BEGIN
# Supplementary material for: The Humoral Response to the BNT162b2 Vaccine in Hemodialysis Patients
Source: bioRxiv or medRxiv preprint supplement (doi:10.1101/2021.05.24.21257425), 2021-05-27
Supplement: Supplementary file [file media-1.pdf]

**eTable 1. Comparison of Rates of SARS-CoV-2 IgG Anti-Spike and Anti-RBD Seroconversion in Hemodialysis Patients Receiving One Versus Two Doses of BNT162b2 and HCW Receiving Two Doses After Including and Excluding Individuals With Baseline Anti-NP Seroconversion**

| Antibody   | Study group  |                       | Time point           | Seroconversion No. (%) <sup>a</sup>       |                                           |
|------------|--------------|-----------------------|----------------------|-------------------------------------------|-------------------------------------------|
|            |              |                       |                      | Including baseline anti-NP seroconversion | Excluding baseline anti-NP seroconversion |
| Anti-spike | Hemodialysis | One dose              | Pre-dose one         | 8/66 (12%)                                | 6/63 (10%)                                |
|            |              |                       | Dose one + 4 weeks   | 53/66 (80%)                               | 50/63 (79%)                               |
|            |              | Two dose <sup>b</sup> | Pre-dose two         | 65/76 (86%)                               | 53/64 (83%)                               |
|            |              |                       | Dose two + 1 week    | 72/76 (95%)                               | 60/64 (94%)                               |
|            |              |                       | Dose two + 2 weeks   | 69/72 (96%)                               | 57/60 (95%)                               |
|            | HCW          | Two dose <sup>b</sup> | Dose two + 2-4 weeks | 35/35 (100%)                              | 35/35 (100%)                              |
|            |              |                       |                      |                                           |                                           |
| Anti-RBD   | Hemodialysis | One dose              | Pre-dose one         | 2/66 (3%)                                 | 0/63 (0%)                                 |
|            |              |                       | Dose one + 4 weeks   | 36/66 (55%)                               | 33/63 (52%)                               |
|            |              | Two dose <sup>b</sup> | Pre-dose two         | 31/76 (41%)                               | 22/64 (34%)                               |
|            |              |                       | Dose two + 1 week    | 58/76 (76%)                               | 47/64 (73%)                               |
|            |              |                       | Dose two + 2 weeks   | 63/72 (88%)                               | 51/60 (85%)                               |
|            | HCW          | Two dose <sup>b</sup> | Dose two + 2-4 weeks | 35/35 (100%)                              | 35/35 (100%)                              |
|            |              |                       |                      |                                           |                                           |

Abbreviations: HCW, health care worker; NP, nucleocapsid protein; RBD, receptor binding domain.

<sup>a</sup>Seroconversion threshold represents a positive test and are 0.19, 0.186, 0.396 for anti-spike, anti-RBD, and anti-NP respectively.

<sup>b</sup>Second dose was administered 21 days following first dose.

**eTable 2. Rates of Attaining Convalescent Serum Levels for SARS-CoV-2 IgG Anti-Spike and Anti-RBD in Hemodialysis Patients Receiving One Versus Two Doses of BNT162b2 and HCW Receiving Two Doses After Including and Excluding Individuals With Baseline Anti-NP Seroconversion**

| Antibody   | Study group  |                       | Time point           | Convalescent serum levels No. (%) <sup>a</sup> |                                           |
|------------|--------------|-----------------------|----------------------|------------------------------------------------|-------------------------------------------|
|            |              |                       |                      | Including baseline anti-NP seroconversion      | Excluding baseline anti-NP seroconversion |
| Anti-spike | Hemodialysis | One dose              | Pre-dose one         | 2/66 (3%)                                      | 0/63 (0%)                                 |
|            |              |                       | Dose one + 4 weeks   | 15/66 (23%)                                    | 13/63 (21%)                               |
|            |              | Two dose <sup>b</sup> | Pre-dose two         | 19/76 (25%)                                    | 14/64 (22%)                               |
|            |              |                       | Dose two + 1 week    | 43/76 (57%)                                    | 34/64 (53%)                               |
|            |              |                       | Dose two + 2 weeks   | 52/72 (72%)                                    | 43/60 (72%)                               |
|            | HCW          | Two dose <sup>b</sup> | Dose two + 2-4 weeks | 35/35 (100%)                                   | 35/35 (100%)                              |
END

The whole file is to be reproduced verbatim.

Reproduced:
# Supplementary material for: The Humoral Response to the BNT162b2 Vaccine in Hemodialysis Patients
Source: bioRxiv or medRxiv preprint supplement (doi:10.1101/2021.05.24.21257425), 2021-05-27
Supplement: Supplementary file [file media-1.pdf]

**eTable 1. Comparison of Rates of SARS-CoV-2 IgG Anti-Spike and Anti-RBD Seroconversion in Hemodialysis Patients Receiving One Versus Two Doses of BNT162b2 and HCW Receiving Two Doses After Including and Excluding Individuals With Baseline Anti-NP Seroconversion**

| Antibody   | Study group  |                       | Time point           | Seroconversion No. (%) <sup>a</sup>       |                                           |
|------------|--------------|-----------------------|----------------------|-------------------------------------------|-------------------------------------------|
|            |              |                       |                      | Including baseline anti-NP seroconversion | Excluding baseline anti-NP seroconversion |
| Anti-spike | Hemodialysis | One dose              | Pre-dose one         | 8/66 (12%)                                | 6/63 (10%)                                |
|            |              |                       | Dose one + 4 weeks   | 53/66 (80%)                               | 50/63 (79%)                               |
|            |              | Two dose <sup>b</sup> | Pre-dose two         | 65/76 (86%)                               | 53/64 (83%)                               |
|            |              |                       | Dose two + 1 week    | 72/76 (95%)                               | 60/64 (94%)                               |
|            |              |                       | Dose two + 2 weeks   | 69/72 (96%)                               | 57/60 (95%)                               |
|            | HCW          | Two dose <sup>b</sup> | Dose two + 2-4 weeks | 35/35 (100%)                              | 35/35 (100%)                              |
|            |              |                       |                      |                                           |                                           |
| Anti-RBD   | Hemodialysis | One dose              | Pre-dose one         | 2/66 (3%)                                 | 0/63 (0%)                                 |
|            |              |                       | Dose one + 4 weeks   | 36/66 (55%)                               | 33/63 (52%)                               |
|            |              | Two dose <sup>b</sup> | Pre-dose two         | 31/76 (41%)                               | 22/64 (34%)                               |
|            |              |                       | Dose two + 1 week    | 58/76 (76%)                               | 47/64 (73%)                               |
|            |              |                       | Dose two + 2 weeks   | 63/72 (88%)                               | 51/60 (85%)                               |
|            | HCW          | Two dose <sup>b</sup> | Dose two + 2-4 weeks | 35/35 (100%)                              | 35/35 (100%)                              |
|            |              |                       |                      |                                           |                                           |

Abbreviations: HCW, health care worker; NP, nucleocapsid protein; RBD, receptor binding domain.

<sup>a</sup>Seroconversion threshold represents a positive test and are 0.19, 0.186, 0.396 for anti-spike, anti-RBD, and anti-NP respectively.

<sup>b</sup>Second dose was administered 21 days following first dose.

**eTable 2. Rates of Attaining Convalescent Serum Levels for SARS-CoV-2 IgG Anti-Spike and Anti-RBD in Hemodialysis Patients Receiving One Versus Two Doses of BNT162b2 and HCW Receiving Two Doses After Including and Excluding Individuals With Baseline Anti-NP Seroconversion**

| Antibody   | Study group  |                       | Time point           | Convalescent serum levels No. (%) <sup>a</sup> |                                           |
|------------|--------------|-----------------------|----------------------|------------------------------------------------|-------------------------------------------|
|            |              |                       |                      | Including baseline anti-NP seroconversion      | Excluding baseline anti-NP seroconversion |
| Anti-spike | Hemodialysis | One dose              | Pre-dose one         | 2/66 (3%)                                      | 0/63 (0%)                                 |
|            |              |                       | Dose one + 4 weeks   | 15/66 (23%)                                    | 13/63 (21%)                               |
|            |              | Two dose <sup>b</sup> | Pre-dose two         | 19/76 (25%)                                    | 14/64 (22%)                               |
|            |              |                       | Dose two + 1 week    | 43/76 (57%)                                    | 34/64 (53%)                               |
|            |              |                       | Dose two + 2 weeks   | 52/72 (72%)                                    | 43/60 (72%)                               |
|            | HCW          | Two dose <sup>b</sup> | Dose two + 2-4 weeks | 35/35 (100%)                                   | 35/35 (100%)                              |